Korean cars still have the stigma of being cheap, poorly built throwaway cars, and while that might have once been the case it would be wrong to dismiss Seoul-sourced cars today. It’s important to look at each brand individually as each is quite different in terms of build quality and reliability in service, so consider each brand carefully and ask your own mechanic for their experience with them.

Hyundai was the first Korean brand to land here and the early cars were pretty poorly built. They were clearly in the throw away category, but to pigeon hole them that way today would be doing them, and yourself, a disservice.

Model watch

The model that changed the perception of Hyundai was the X3 Excel that was launched here in 1994. The model that preceded the X3 was a car that warranted caution when buying, but In one fell swoop Hyundai threw off the disposable tag and become a serious auto offering.

The X3 Excel was an all-new small car that offered a roomy interior with commendable performance and handling, at a very affordable price. In no time at all it became one of the top selling cars in the country, giving the Koreans in general, and Hyundai in particular, an image boost.

The Excel’s swoopy lines and endless curves quickly attracted a following with young drivers. The interior, while praised for its roominess and comfort, was canned for being bland and boring with a sea of dark and sombre trim colours.

The power initially was from a single overhead camshaft, 12-valve, fuel-injected 1.5-litre four-cylinder engine punching out 65 kW. There was a choice of a five-speed manual gearbox or four-speed auto transmission.

With the standard five-speed manual gearbox, the three-door hatch was quite zippy, boasting a respectable time of 12.2 seconds to reach 100km/h from a standstill.

Excel buyers had the choice of three body styles, a three-door hatch, five-door hatch and four-door sedan.

The Sprint three-door hatch was the entry level, price leading model, boasting body coloured bumpers, intermittent wipers and a radio-cassette sound system with two speakers as standard.

The GX three-door, along with the LX five-door hatch and four-door sedan, added power steering, rear spoiler and a tachometer.

The top model in the range was the GLX which came in five-door hatch and four-door body styles, and boasted an impressive list of features, including body coloured bumpers, central locking, power mirrors, power antenna, power front windows, power steering, radio cassette with four speakers, and a tachometer. Air-conditioning and a driver’s airbag were extra cost options.

Performance was boosted with a facelifted model in 1998 and the introduction of a 16-valve engine, identified by the “Twin Cam” badge on the tail. With the new engine under the bonnet the Excel’s 0-100km/h time was cut to 9.8 seconds.

In the shop

The Excel’s service history is dominated by a recall in 1997 when it was found that a number of cars had problems with the welds attaching the chassis rails to the floor pan. Problem cars could be identified by a creaking noise in the body as the car went over bumps. Hyundai checked all cars and riveted the rails to the floor pan to fix the problem.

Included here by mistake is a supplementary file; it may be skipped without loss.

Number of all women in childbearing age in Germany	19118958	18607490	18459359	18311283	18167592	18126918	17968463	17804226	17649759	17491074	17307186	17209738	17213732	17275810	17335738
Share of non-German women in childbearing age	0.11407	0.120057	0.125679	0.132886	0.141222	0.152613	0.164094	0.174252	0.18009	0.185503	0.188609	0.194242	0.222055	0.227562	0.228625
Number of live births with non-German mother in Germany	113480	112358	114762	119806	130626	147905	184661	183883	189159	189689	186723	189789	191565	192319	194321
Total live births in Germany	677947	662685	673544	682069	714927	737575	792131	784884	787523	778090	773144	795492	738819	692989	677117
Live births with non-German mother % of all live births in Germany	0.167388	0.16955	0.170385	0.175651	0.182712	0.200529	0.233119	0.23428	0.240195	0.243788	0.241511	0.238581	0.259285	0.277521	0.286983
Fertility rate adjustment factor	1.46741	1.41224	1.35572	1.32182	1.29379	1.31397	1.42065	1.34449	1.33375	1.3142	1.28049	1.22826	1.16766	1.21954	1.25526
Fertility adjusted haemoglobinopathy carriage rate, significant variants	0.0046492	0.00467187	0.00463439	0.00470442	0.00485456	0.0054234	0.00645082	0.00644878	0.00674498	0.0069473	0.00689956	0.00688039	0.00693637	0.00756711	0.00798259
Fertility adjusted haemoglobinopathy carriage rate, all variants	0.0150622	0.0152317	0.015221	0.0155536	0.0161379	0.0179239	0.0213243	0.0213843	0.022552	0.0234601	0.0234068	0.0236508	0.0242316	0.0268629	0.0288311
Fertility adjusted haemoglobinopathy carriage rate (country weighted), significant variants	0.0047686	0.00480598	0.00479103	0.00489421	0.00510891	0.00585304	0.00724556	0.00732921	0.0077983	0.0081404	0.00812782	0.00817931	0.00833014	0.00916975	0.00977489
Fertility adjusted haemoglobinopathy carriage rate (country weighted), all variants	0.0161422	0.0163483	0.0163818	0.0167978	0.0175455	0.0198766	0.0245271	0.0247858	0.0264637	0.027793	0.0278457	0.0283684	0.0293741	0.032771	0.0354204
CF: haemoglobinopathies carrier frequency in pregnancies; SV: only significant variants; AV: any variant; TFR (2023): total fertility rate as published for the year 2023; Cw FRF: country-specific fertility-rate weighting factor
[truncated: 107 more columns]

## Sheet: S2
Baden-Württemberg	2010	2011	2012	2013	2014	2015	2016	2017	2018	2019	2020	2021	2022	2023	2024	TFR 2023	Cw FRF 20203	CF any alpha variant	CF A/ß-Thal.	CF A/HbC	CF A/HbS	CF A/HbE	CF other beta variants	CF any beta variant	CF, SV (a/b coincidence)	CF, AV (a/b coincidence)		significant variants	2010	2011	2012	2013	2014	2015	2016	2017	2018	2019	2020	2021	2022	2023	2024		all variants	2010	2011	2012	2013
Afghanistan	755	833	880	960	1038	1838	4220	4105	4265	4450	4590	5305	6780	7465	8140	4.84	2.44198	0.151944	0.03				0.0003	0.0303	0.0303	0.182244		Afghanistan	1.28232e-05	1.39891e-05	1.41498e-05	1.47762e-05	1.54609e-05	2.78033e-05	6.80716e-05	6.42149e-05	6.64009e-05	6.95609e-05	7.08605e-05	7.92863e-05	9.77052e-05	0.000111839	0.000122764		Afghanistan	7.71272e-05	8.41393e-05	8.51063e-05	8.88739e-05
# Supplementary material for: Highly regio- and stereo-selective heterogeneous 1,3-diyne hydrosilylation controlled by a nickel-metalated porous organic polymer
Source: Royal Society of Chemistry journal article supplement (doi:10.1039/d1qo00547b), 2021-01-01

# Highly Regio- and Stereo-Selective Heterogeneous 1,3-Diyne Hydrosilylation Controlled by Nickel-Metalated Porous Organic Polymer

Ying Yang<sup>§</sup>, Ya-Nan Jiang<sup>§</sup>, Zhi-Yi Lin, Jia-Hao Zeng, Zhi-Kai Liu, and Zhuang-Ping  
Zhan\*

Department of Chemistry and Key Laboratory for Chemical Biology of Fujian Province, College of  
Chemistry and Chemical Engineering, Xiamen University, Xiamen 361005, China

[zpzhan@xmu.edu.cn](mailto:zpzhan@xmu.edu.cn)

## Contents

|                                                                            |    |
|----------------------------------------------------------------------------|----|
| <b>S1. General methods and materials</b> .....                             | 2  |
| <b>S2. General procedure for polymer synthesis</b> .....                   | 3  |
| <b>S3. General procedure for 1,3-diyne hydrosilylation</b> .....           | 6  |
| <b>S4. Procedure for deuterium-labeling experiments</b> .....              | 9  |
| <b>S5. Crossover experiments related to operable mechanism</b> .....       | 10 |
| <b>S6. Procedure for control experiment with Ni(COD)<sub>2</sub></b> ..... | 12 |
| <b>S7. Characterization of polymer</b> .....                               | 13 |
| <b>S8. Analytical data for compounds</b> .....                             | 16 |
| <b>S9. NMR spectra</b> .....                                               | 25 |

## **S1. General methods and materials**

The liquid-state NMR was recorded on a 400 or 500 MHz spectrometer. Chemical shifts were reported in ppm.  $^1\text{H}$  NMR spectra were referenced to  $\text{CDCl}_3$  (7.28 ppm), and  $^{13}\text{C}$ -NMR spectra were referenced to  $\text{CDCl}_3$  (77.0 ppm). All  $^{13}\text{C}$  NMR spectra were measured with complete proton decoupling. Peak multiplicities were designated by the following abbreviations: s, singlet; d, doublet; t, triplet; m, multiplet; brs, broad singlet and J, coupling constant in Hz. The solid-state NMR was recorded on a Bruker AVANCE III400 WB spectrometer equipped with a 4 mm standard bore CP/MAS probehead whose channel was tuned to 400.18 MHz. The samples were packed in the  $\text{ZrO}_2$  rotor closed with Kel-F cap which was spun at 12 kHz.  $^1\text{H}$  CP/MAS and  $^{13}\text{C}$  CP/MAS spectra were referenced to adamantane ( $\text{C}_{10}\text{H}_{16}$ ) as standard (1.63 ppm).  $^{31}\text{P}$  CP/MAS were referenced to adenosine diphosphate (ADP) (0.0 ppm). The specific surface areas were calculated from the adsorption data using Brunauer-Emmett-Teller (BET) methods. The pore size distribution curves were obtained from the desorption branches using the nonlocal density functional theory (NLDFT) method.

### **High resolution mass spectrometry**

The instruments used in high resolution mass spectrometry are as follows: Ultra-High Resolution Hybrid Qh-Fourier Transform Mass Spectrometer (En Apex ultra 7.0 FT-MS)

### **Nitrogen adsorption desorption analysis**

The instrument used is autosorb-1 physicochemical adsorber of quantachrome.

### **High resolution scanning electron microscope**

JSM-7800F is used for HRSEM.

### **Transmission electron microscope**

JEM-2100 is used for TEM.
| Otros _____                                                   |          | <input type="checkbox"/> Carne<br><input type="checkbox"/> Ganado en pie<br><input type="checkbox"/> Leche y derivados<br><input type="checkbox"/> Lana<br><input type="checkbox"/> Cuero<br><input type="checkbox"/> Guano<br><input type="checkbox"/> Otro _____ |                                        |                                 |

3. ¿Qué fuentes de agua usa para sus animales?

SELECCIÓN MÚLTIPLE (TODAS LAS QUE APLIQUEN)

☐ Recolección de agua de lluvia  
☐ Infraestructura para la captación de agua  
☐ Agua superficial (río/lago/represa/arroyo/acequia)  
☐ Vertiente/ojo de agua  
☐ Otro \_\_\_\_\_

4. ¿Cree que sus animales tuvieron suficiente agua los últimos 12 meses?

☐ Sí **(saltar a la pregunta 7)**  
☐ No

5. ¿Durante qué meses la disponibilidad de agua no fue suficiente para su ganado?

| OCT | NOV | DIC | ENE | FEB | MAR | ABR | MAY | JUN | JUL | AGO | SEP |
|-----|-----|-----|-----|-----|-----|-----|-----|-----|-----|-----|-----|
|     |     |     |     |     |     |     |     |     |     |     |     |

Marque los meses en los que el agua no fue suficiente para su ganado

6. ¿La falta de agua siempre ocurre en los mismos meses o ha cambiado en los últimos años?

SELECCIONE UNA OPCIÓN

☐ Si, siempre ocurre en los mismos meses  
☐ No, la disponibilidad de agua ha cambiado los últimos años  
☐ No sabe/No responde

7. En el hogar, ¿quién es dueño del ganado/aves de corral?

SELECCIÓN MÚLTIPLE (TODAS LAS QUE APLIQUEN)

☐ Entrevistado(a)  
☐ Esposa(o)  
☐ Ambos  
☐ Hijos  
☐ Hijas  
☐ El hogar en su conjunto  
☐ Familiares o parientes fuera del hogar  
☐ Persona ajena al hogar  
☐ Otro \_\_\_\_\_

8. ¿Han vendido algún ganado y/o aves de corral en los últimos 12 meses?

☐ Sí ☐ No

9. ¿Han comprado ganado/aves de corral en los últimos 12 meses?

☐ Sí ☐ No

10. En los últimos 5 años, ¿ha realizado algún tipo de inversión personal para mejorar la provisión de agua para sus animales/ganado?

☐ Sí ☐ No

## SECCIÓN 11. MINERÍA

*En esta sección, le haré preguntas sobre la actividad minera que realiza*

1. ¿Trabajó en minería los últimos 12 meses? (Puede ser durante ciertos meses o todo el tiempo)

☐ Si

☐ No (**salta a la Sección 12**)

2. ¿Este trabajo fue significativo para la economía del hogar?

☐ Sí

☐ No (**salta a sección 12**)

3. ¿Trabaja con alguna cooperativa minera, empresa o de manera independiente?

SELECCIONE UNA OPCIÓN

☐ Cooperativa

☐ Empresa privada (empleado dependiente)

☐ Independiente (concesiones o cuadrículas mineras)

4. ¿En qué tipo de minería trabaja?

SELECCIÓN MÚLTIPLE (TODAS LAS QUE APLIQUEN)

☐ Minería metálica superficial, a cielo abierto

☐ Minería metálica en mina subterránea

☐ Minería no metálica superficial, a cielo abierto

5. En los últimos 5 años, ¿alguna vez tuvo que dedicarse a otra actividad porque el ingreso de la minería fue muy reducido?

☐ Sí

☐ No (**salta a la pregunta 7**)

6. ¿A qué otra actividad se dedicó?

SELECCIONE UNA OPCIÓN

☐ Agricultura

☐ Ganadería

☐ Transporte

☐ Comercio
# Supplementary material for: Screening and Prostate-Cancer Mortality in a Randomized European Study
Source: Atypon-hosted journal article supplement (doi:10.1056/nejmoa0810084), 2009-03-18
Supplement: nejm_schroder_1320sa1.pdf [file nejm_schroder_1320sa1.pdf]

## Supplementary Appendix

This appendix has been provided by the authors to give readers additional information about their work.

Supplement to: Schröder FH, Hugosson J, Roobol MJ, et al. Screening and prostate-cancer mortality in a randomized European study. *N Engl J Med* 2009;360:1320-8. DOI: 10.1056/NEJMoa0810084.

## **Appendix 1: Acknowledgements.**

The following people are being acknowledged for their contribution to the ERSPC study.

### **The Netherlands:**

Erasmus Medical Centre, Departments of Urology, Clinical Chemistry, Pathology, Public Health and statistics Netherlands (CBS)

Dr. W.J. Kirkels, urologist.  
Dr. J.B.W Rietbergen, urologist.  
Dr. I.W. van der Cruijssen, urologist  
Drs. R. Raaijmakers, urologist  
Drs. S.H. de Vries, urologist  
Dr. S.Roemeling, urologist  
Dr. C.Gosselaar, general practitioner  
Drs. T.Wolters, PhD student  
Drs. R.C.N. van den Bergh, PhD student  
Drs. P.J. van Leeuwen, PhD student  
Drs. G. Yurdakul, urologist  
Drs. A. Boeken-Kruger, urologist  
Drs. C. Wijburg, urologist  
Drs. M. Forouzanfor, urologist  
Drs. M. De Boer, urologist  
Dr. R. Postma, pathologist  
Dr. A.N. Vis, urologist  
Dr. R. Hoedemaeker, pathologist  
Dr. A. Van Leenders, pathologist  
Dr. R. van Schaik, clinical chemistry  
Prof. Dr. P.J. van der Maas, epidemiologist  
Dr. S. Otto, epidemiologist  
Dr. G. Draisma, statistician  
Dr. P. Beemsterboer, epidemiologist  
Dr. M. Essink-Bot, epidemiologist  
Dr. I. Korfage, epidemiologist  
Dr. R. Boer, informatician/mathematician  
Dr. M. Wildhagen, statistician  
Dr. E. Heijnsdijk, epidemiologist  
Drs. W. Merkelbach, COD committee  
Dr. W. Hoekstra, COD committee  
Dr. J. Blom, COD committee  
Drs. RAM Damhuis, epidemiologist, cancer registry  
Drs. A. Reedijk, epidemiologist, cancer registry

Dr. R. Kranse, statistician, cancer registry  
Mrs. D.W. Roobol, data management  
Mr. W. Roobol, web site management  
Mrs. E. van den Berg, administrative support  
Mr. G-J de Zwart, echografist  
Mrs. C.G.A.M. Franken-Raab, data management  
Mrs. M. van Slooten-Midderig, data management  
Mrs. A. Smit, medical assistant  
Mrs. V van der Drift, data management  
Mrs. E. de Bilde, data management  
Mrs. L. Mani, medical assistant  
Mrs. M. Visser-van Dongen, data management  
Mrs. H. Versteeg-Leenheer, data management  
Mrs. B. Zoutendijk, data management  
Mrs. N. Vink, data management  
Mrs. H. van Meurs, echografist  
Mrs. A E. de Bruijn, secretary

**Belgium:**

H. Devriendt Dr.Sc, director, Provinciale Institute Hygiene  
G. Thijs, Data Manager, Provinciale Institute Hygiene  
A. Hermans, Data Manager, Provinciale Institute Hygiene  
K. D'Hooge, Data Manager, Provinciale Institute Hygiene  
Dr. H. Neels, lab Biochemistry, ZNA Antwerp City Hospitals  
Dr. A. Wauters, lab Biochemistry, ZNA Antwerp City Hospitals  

While the recall cast a shadow over the Excel’s reputation for a while, mechanics report that it is generally a robust and reliable car.

They say that the power train is quite durable, with few reports of anything untoward with the engine or gearbox.

The cam-timing belt requires replacement every 90,000km but it’s not a big, or expensive, job. Even if it is neglected and the belt eventually breaks the consequences are not catastrophic as the engine is a free-spinning design so there’s no chance of valves tangling with pistons and other internal components. The worst that can happen is that you’ll be stranded on the roadside waiting for assistance.

As for all cars check for a verifiable service record, looking for regular oil and fluid changes, and check the oil by removing the oil filler cap and checking for an accumulation of sludge which would indicate the oil hasn’t been regularly replaced.

Check the body for dents and scrapes, and faded paint on bumpers and exterior rear view mirrors on cars delivered before the 1998 facelift.

The interior, criticised for its bland colours and plain trim when new, stands up well in service. Few problems are reported with warped or cracked plastic trim components after nine years under the hot sun.

The most frustrating problem is with the electrics, which can be unreliable. It seems the Koreans have discovered the secret to the British electrical dramas and taken them back to Seoul. The problems are usually traced back to bad connections.

Because the car was cheap and cheerful young and inexperienced drivers often bought them, and owners who couldn’t always afford to keep them properly maintained, so look for signs of abuse and lack of attention.

Look for

• swoopy styling

• roomy and comfortable interior

• reliable power train

• dodgy electrics